9. Make a careful visual inspection of the suspected component and the area immediately around it. Pay particular attention to gasket mating surfaces. A mirror is often helpful for finding leaks in areas that are hard to see.

10. If the leak still cannot be found, clean the suspected area thoroughly with a degreaser or solvent, then dry it.

11. Drive the vehicle for several miles at normal operating temperature and varying speeds. After driving the vehicle, visually inspect the suspected component again.

12. Once the leak has been located, the cause must be determined before it can be properly repaired. If a gasket is replaced but the sealing flange is bent, the new gasket will not stop the leak. The bent flange must be straightened.

13. Before attempting to repair a leak, check to make sure that the following conditions are corrected or they may cause another leak. Note: Some of the following conditions cannot be fixed without highly specialized tools and expertise. Such problems must be referred to a transmission shop or a dealer service department.

Gasket leaks

14. Check the pan periodically. Make sure the bolts are tight, no bolts are missing, the gasket is in good condition and the pan is flat (dents in the pan may indicate damage to the valve body inside).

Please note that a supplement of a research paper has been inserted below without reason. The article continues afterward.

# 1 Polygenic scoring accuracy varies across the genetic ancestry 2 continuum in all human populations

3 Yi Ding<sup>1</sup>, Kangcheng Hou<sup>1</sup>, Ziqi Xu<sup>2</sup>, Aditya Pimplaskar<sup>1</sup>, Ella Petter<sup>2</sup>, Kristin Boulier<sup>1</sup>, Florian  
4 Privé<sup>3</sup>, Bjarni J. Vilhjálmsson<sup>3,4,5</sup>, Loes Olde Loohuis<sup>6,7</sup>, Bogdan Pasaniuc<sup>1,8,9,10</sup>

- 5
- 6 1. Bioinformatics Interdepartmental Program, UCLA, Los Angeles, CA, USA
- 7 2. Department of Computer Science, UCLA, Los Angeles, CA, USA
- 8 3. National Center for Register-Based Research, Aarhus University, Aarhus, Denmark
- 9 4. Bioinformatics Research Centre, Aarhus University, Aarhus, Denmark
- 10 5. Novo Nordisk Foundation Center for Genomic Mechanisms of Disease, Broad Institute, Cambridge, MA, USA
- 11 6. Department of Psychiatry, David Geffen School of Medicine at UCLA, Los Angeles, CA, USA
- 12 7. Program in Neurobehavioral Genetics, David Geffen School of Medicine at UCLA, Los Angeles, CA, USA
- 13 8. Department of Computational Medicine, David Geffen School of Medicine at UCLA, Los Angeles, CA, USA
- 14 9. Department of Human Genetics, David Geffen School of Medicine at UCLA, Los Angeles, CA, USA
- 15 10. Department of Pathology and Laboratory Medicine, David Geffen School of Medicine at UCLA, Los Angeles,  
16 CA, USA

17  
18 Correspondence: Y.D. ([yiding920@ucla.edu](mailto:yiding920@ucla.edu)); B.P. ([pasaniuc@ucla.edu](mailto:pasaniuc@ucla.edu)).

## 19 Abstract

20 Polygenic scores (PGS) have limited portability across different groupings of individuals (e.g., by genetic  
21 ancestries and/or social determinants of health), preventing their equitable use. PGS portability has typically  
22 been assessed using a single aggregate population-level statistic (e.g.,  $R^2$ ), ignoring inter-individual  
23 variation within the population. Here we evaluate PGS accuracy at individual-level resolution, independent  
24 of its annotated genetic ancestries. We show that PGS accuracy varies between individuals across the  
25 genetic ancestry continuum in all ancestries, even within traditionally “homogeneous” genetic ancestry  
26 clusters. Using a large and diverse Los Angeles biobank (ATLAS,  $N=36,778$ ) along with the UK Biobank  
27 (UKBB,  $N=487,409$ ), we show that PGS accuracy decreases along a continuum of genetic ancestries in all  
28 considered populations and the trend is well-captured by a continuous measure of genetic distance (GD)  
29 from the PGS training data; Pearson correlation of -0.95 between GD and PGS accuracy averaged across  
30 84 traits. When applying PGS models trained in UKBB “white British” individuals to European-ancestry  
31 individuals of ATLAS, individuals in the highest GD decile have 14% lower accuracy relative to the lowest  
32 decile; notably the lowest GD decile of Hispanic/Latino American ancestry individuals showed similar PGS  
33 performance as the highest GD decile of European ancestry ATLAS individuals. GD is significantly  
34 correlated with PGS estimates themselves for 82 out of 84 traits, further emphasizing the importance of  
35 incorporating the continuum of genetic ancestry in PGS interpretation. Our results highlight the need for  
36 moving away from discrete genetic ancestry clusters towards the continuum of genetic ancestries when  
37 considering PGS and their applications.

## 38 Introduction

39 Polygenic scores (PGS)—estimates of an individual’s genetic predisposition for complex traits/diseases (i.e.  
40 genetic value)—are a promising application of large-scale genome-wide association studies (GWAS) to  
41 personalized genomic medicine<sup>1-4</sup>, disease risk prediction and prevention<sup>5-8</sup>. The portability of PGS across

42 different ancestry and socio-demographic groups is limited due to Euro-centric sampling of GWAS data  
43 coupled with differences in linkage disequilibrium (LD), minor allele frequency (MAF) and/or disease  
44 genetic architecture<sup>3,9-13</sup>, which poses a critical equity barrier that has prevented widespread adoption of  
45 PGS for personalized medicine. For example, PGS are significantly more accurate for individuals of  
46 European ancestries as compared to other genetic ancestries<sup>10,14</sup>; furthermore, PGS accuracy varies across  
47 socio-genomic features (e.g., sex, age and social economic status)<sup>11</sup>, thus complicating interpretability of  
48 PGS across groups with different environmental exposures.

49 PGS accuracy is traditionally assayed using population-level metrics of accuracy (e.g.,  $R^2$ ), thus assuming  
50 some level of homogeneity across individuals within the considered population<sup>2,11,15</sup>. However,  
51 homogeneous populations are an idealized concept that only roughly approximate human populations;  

15. If the pan gasket is leaking, the fluid level or the fluid pressure may be too high, the vent may be plugged, the pan bolts may be too tight, the pan sealing flange may be warped, the sealing surface of the transmission housing may be damaged, the gasket may be damaged or the transmission casting may be cracked or porous. If sealant instead of gasket material has been used to form a seal between the pan and the transmission housing, it may be the wrong sealant.

Seal leaks

16. If a transmission seal is leaking, the fluid level or pressure may be too high, the vent may be plugged, the seal bore may be damaged, the seal itself may be damaged or improperly installed, the surface of the shaft protruding through the seal may be damaged or a loose bearing may be causing excessive shaft movement.

17. Make sure the dipstick tube seal is in good condition and the tube is properly seated. Periodically check the area around the speedometer gear or vehicle speed sensor for leakage. If transmission fluid is evident, check the 0-ring for damage. Also inspect the driveshaft oil seal for leakage.

Case leaks

18. If the case itself appears to be leaking, the casting is porous and will have to be repaired or replaced.

19. Make sure the oil cooler hose fittings are tight and in good condition. The transmission oil cooler lines on these models are equipped with quick connect fittings — always inspect the 0-rings if a leak is suspected.

Fluid comes out vent pipe or fill tube

20. If this condition occurs, the transmission is overfilled, there is coolant in the fluid, the case is porous, the dipstick is incorrect, the vent is plugged or the drain back holes are plugged.